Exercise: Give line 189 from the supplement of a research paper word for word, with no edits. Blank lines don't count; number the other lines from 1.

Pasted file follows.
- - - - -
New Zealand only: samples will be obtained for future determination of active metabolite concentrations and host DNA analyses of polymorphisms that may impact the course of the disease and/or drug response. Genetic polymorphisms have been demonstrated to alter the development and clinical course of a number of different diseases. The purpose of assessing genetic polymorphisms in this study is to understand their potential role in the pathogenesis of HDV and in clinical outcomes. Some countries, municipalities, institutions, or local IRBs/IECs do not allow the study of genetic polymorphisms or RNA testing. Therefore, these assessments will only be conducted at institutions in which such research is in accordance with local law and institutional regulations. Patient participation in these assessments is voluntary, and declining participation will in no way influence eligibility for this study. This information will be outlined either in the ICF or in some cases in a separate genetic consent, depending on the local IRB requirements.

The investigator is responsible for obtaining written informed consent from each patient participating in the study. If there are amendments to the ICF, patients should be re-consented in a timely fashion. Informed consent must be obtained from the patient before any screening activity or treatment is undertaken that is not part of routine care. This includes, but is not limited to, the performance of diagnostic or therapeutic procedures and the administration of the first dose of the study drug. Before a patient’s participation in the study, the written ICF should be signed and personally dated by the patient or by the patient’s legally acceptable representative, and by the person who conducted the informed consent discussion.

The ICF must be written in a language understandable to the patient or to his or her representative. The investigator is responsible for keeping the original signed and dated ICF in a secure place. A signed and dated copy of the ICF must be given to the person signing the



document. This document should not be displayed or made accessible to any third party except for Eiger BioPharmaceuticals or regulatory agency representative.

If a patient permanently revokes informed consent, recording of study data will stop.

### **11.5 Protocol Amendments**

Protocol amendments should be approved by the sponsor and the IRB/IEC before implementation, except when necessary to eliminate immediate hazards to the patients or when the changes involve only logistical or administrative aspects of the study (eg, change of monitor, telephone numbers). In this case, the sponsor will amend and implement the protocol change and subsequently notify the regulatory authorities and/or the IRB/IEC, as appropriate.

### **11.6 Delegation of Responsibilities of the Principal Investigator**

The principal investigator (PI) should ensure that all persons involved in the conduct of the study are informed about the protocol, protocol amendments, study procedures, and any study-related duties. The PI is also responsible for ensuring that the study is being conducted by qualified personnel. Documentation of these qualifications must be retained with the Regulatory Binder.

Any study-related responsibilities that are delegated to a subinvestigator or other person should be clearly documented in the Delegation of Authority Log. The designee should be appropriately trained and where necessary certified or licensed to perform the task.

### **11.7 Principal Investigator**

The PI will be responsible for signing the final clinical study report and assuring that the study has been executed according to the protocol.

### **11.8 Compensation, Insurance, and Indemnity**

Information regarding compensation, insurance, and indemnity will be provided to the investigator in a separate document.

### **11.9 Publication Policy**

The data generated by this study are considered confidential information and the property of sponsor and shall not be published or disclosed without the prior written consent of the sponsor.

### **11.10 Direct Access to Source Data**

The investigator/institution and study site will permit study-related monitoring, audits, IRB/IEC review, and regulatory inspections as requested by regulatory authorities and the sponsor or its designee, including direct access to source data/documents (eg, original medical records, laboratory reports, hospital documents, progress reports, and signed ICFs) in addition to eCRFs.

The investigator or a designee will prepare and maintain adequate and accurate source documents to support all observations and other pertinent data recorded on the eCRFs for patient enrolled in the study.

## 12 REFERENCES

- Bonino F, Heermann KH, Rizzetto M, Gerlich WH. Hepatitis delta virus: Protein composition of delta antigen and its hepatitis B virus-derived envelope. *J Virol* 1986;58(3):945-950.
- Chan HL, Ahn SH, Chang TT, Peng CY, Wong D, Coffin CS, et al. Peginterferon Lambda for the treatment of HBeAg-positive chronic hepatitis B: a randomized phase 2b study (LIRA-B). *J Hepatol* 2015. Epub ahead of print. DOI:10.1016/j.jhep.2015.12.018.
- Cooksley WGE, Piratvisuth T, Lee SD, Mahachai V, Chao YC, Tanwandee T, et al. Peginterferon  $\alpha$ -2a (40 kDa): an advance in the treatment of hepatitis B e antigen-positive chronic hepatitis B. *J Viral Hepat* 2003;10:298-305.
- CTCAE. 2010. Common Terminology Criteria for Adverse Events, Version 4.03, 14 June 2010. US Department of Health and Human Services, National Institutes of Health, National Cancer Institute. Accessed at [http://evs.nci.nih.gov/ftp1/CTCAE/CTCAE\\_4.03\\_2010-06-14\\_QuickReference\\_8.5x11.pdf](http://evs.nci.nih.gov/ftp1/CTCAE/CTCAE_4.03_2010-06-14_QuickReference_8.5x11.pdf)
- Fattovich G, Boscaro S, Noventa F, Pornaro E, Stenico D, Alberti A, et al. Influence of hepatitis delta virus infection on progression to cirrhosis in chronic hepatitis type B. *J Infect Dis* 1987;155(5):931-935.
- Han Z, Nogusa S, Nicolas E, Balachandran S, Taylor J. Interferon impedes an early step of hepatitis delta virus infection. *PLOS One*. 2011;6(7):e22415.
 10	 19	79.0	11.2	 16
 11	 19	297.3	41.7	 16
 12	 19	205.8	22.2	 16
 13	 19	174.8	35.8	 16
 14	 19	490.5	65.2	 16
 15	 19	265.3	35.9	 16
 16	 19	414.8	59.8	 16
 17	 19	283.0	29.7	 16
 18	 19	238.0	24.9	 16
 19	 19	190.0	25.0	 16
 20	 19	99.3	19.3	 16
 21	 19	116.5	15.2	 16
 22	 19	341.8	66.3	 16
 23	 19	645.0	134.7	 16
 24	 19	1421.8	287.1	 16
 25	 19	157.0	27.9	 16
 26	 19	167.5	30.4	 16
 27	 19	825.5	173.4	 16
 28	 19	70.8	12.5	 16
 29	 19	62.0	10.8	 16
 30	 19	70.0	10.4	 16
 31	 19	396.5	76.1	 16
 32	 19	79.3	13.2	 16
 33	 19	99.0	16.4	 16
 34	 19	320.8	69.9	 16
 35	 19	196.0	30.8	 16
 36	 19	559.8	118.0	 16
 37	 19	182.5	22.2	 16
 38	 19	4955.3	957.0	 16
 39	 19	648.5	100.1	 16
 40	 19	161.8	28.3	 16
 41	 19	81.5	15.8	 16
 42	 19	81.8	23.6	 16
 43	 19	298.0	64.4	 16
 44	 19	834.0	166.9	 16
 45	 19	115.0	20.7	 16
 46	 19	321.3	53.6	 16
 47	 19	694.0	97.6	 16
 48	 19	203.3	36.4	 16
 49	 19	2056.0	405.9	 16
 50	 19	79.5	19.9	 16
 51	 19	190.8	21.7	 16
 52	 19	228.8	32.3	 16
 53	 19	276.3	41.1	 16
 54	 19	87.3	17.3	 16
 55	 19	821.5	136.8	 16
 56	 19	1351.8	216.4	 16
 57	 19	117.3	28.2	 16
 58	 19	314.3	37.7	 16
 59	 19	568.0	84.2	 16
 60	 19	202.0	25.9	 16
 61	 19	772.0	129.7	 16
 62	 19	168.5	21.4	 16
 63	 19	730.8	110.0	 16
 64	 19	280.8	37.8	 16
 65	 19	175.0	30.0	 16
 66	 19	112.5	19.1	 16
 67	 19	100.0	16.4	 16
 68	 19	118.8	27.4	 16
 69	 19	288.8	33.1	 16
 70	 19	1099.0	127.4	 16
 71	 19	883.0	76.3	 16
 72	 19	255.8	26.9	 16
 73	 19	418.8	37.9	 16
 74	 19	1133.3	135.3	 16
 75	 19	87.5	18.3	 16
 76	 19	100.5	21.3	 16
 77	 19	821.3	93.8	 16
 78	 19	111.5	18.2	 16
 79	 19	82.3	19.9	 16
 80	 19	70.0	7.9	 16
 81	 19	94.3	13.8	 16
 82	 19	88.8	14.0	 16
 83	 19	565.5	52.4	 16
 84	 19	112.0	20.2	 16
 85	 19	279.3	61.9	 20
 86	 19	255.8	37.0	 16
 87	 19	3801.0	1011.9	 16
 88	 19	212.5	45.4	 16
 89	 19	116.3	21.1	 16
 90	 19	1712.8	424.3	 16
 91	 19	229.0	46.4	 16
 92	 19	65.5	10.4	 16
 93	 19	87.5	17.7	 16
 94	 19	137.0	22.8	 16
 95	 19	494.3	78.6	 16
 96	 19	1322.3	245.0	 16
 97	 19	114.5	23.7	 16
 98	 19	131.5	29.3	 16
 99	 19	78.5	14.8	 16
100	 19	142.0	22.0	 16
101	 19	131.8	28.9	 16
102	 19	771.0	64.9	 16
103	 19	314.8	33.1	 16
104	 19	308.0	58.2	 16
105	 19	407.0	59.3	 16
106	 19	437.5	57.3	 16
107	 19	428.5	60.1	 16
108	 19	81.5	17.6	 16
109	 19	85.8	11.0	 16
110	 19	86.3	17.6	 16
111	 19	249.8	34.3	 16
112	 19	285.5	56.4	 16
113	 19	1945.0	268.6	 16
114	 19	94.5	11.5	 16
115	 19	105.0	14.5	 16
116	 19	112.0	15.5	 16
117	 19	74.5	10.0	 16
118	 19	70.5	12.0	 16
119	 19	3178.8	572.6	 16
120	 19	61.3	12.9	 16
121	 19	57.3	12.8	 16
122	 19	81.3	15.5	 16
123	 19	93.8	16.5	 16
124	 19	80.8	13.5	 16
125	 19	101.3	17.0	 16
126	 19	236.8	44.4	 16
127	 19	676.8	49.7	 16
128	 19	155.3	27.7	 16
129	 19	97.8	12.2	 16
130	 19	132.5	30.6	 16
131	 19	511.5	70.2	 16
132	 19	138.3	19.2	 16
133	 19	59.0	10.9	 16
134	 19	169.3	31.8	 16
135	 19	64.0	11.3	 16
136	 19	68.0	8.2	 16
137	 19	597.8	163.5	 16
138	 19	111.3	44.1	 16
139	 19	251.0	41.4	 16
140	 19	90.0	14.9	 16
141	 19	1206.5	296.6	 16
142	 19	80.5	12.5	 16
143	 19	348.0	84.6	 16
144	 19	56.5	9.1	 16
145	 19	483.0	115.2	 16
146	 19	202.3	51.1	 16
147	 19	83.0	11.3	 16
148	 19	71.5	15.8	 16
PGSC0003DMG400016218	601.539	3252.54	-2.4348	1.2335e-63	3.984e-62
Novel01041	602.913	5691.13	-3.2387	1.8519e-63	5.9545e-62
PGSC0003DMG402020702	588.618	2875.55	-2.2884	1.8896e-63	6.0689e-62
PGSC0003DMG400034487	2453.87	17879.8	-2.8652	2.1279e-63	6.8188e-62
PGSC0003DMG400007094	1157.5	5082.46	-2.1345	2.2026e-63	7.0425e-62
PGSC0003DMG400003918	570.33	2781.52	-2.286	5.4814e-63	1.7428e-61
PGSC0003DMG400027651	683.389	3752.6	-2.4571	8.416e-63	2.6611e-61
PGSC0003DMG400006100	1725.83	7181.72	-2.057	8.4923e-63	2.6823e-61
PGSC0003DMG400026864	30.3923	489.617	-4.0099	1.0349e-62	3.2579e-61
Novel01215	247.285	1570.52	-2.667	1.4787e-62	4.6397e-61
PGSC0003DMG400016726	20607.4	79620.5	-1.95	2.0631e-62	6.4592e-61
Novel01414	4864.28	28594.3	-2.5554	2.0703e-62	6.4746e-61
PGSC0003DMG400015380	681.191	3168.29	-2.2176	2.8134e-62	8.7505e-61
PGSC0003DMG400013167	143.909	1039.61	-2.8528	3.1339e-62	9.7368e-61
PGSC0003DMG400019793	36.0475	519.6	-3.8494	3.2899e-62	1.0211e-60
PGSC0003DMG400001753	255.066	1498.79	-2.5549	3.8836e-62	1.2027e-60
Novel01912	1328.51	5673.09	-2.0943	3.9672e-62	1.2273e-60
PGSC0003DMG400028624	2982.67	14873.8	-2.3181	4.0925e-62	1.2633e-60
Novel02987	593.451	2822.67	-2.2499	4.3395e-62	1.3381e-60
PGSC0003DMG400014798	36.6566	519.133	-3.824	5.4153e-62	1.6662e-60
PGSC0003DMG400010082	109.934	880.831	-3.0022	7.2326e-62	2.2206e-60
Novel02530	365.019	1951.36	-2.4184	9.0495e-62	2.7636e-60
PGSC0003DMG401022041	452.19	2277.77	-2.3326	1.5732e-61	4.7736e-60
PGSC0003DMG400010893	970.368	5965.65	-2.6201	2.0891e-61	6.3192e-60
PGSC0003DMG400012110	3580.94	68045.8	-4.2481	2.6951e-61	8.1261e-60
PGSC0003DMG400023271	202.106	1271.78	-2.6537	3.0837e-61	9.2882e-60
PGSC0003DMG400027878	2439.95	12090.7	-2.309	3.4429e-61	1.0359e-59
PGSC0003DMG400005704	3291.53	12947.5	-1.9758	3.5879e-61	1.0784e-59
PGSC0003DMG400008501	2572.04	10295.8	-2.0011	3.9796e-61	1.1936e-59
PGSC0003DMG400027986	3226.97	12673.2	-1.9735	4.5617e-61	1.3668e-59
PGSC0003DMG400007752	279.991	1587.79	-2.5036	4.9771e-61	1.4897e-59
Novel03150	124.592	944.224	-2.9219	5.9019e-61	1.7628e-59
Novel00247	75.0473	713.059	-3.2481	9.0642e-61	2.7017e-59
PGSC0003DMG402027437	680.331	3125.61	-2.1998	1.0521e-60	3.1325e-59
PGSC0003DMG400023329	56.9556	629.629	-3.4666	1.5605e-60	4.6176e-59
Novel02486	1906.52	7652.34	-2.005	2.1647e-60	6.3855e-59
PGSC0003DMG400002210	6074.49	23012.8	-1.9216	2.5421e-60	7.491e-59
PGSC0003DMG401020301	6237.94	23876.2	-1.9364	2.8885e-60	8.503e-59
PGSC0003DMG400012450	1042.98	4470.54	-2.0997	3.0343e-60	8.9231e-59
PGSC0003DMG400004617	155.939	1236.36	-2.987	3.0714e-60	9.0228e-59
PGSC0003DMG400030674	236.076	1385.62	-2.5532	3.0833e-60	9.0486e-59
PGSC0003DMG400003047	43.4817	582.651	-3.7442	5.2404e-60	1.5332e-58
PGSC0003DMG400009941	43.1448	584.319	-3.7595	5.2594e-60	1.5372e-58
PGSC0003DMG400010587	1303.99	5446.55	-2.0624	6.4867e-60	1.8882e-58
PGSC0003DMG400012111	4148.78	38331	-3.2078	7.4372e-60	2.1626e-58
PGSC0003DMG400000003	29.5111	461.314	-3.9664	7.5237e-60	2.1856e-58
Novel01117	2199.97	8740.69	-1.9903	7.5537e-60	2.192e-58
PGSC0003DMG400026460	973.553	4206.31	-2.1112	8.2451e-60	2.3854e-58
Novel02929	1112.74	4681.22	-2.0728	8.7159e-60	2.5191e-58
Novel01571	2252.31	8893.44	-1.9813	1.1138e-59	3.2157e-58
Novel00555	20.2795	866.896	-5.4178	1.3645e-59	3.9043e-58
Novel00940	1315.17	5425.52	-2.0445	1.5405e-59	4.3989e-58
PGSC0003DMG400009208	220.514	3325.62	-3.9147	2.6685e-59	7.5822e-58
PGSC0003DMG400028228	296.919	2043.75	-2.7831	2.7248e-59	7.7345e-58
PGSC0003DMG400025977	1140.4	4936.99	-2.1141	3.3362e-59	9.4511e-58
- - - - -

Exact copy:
PGSC0003DMG400010893	970.368	5965.65	-2.6201	2.0891e-61	6.3192e-60